Unfortunately, I no longer have the time to maintain this book which is growing increasingly out of date (esp. with the upcoming Elasticsearch 2.0). I highly recommend checking out Elasticsearch, the Definitive Guide instead. This site will remain up indefinitely to prevent link rot.

Exploring Elasticsearch

A human-friendly tutorial for elasticsearch.

    5.1 Formulating an Approach

    Many search applications involve searching human language data that language analyzers cannot handle. Examples of this come in the form of things like usernames (“OoKissezoO”, “UltraCaesar52”), product/brand names (“Sony rx100”, “Directv”), and gibberish like log data. This sort of data requires one of two strategies: 1.) Find or build a suitable analyzer for the domain 2.) Index the data without analysis, treating the text as opaque tokens. The second strategy is quite straightforward, as it merely requires setting "index": "not_analyzed" in the mapping for that column, so this chapter will primarily discuss using and building analyzers.

    A good starting point for this topic is the common problem of searching usernames. Often times usernames defy stemming analysis. There is no appropriate stem for the username “OoKisseZoO”. The simplest way to deal with this sort of data is to skip analysis altogether, which at least makes exact matches work. This is a fine, and possibly even desired strategy for many cases. Expert users, for instance, may only want to retrieve exact matches. But what about finding similar usernames, handling typos, and people merely searching for ‘kissez’? To do that we’ll try out a couple different algorithms.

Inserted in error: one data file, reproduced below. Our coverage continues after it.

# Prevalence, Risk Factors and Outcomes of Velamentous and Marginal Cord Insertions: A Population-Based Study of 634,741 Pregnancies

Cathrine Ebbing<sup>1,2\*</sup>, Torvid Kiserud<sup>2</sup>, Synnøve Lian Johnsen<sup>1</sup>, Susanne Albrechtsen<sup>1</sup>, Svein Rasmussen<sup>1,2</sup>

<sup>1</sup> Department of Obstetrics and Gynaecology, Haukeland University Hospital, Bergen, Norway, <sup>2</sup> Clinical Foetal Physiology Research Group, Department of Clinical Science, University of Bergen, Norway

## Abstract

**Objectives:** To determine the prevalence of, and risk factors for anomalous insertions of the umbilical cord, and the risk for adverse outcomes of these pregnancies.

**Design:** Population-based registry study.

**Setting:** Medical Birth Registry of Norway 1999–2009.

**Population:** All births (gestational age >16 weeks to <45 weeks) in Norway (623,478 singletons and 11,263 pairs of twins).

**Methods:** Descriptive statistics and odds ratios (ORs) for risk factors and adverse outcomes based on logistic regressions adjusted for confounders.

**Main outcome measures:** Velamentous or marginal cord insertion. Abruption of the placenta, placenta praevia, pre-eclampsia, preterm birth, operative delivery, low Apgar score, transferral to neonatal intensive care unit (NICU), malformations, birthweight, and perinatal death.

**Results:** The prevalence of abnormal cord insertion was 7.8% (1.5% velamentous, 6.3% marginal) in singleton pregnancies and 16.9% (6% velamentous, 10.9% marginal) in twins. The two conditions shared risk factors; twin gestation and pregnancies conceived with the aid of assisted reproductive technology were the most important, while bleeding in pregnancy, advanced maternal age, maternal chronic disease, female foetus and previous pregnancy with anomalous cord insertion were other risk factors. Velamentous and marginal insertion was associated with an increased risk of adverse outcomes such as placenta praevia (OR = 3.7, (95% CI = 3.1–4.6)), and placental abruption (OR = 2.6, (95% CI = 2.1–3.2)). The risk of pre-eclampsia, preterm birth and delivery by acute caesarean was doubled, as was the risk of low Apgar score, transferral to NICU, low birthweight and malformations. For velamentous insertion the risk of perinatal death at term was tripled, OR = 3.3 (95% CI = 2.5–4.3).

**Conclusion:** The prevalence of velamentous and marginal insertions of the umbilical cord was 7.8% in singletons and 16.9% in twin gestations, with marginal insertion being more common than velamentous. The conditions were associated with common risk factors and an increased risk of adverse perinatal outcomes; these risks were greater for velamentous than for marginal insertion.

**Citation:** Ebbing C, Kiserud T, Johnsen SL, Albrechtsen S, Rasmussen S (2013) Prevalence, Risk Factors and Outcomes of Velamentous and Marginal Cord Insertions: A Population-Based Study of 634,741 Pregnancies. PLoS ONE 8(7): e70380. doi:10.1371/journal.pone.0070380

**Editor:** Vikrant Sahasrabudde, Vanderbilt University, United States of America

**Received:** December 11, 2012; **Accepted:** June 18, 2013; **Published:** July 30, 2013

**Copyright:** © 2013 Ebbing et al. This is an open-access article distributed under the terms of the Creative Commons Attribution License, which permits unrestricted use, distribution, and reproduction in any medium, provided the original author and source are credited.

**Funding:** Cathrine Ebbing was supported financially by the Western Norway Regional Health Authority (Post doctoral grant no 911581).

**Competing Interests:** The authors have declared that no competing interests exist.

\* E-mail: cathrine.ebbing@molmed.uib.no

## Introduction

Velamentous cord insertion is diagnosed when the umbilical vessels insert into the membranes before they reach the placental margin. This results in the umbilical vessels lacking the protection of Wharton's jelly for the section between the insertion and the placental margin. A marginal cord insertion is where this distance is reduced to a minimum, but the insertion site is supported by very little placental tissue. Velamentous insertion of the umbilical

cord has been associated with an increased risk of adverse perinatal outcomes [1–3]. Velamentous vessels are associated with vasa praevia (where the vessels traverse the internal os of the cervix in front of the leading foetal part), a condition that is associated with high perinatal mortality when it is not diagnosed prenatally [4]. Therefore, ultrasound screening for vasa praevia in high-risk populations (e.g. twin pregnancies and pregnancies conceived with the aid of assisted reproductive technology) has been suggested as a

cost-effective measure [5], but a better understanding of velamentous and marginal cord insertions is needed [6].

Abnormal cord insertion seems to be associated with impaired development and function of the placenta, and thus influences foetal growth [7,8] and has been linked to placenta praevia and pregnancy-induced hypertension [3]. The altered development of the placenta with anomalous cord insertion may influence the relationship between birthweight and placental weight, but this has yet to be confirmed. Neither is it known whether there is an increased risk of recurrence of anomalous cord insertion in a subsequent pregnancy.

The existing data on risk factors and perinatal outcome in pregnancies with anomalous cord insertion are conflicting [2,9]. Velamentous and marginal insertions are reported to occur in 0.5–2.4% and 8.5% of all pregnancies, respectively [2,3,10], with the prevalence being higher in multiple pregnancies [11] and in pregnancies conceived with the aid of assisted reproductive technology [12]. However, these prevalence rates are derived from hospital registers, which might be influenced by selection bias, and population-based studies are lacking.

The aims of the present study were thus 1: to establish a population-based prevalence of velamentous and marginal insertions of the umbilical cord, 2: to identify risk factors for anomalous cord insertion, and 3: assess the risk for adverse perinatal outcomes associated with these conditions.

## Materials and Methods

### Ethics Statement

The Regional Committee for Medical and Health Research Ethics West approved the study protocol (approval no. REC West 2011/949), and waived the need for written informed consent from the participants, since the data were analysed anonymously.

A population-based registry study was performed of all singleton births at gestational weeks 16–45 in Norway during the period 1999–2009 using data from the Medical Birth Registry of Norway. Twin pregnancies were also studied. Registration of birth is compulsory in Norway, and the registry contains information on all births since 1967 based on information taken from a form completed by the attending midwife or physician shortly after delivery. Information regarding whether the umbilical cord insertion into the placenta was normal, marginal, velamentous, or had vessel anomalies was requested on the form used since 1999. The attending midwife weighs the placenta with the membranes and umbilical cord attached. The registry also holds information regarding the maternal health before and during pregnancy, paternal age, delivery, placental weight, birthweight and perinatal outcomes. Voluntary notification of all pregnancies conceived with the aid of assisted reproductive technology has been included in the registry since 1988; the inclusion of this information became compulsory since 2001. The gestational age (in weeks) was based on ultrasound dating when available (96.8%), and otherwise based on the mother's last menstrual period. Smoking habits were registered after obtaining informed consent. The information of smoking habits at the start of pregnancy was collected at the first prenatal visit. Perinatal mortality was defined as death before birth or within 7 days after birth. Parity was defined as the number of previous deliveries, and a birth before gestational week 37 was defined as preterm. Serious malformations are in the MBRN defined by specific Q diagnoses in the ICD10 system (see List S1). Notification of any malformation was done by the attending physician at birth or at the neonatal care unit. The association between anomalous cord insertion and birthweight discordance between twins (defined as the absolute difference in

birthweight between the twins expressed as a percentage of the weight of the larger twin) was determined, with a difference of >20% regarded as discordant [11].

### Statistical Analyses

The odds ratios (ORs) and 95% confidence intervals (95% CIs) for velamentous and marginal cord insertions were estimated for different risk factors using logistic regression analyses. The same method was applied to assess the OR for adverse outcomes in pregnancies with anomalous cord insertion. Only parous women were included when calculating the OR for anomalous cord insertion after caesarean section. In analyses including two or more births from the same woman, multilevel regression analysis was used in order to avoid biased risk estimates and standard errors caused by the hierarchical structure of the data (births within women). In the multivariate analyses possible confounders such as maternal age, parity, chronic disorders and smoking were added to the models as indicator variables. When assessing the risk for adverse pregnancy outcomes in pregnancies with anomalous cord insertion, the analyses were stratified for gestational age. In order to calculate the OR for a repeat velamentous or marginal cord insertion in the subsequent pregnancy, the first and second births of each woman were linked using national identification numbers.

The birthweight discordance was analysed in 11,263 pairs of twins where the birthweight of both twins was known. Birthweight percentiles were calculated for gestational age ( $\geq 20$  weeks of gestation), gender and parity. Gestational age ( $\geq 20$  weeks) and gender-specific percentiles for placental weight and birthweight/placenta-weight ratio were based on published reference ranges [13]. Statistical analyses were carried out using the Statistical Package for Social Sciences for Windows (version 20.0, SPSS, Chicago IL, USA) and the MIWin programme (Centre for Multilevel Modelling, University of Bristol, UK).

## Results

The schema for our username database will employ Elasticsearch’s fields option in its mapping, allowing us to store our username data once, but index twice using multiple analyzers. There is a fairly common case where you’ll only want to store a piece of data once, but will want to analyze it multiple types for different types of searches. By using the fields option this can be accopmlished.

    We’ll index the data once with minimal analysis, only bothering to lowercase the text as user.exact, using elasticsearch’s simple analyzer. We’ll store the username data a second time under user.ngram using a custom ngram analyzer. We’ll also store the user’s real name analyzed with a simple whitespace analyzer. The mappings and analyzer settings should look something like figure 5.1.

    F 5.1 Username Mappings & Settings
    GET /users/_settings
      "users": {
        "settings": {
          "index": {
            "uuid": "SuuLL6iTTU2jYDlRW6jrQg",
            "analysis": {
              "analyzer": {
                "usernameNgram": {
                  "type": "custom",
                  "filter": "lowercase",
                  "tokenizer": "customNgram"
              "tokenizer": {
                "customNgram": {
                  "min_gram": "3",
                  "type": "nGram",
                  "max_gram": "5"
            "number_of_replicas": "1",
            "number_of_shards": "5",
            "version": {"created": "1000199"}
    // Load Dataset: usernames.eloader
    GET /users/_mapping
       "users": {
          "mappings": {
             "user": {
                "properties": {
                   "real_name": {"type": "string"},
                   "username": {
                      "type": "string",
                      "fields": {
                         "exact": {"type": "string", "analyzer": "simple"},
                         "ngram": {"type": "string", "analyzer": "usernameNgram"}

    5.2 A Simple Username Search Using Ngrams